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The great renown of Solomon for wisdom; for the splendour and majesty of his throne and government; and for the incomparable works which he left behind him—seems to have led the ancient Syrians to believe that he was something more than mortal. So that after his death his splendid palaces were turned into Idol Temples, in which he was worshipped as the Sun, or Apollo, with rays of light round his head and called the God of wisdom, eloquence, poetry, &c.

In submitting these brief remarks, Sir, to the consideration of yourself and the learned society over which you preside, I beg respectfully to add, that the object I have had principally in view, has been to render justice to the first great masters in the most important arts of civilization; or rather, to promote a serious enquiry— whether it be more rational to believe, that these benefits have been derived from the “first author of beauty,” as He is termed in the book of wisdom, or from the idolatrous Greeks and Romans? A more extensive collection of the inscriptions still remaining among these unequalled ruins, might greatly assist us in our enquiries.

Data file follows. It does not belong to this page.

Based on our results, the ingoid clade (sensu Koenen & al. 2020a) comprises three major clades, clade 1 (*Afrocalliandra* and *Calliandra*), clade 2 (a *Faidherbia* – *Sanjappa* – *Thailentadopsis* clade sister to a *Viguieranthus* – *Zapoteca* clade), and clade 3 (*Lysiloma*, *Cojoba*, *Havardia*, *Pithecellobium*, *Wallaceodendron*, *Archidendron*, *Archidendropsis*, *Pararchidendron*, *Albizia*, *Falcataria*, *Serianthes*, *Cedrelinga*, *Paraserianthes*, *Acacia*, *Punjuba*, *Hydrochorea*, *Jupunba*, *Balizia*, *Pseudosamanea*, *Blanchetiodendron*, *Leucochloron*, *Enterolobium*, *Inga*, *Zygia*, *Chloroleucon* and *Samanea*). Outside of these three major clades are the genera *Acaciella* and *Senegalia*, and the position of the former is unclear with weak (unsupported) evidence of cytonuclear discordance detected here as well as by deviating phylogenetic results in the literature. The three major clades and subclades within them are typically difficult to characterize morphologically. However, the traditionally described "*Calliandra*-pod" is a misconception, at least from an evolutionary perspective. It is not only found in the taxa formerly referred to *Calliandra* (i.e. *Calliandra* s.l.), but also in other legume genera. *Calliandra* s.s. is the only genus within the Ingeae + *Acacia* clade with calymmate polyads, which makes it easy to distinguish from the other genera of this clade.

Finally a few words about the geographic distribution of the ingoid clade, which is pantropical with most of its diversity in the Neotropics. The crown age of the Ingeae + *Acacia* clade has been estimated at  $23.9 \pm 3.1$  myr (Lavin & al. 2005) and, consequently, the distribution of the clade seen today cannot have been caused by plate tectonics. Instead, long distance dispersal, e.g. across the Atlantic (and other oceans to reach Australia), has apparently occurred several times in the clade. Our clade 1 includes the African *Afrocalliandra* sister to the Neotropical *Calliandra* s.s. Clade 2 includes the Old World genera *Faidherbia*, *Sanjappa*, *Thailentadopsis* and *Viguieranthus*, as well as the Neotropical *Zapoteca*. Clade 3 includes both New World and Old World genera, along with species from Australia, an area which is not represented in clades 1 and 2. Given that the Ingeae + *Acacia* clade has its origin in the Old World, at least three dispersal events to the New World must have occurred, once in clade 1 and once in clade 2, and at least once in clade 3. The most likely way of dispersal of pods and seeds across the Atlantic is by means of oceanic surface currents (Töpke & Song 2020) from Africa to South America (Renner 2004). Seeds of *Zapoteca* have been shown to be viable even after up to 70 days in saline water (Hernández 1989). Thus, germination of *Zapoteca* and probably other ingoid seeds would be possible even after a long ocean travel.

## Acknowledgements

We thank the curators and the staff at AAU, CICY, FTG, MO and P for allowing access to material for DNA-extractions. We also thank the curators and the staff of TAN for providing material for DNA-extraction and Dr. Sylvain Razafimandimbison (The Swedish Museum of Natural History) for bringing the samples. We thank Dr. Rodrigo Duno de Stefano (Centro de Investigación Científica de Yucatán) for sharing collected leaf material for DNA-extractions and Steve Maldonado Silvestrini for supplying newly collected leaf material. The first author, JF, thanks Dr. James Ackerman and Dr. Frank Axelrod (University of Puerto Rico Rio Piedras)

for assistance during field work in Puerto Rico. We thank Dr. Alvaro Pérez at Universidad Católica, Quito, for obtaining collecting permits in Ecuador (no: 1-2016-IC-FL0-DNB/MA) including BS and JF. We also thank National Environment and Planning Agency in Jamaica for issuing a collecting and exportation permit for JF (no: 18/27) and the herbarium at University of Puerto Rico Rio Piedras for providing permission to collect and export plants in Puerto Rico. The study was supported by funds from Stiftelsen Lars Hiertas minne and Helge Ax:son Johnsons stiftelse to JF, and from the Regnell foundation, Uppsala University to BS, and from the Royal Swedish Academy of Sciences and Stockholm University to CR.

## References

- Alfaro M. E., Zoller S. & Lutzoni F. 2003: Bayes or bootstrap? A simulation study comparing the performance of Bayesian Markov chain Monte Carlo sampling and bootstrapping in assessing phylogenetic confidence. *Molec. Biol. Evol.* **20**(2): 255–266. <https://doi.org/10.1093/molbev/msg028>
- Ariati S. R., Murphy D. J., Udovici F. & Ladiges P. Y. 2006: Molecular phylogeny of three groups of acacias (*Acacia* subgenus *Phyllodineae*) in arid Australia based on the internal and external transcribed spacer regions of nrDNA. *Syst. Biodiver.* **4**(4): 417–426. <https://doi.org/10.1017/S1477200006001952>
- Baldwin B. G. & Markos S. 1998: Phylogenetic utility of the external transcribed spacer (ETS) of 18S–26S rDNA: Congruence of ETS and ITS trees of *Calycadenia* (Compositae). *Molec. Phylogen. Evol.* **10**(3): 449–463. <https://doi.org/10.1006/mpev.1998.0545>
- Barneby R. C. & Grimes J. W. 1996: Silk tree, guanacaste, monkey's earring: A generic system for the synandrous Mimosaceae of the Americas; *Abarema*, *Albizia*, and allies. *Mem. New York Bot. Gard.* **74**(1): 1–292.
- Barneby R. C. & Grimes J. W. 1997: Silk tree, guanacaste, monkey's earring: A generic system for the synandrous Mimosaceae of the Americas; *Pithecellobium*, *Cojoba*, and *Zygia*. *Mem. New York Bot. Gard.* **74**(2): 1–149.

I have the honour to be,
Sir,
Your most obedient

Humble Servant,

BARTHOLOMEW PRESCOT.

Castle-street, Liverpool, 1st November, 1830.

OMission.—p. 9, line 18, after the word “ends,” read, “the two eyes of the volutes representing the ends of the two rollers;”

EVANS, CHEGWIN & HALL, PRINTERs.

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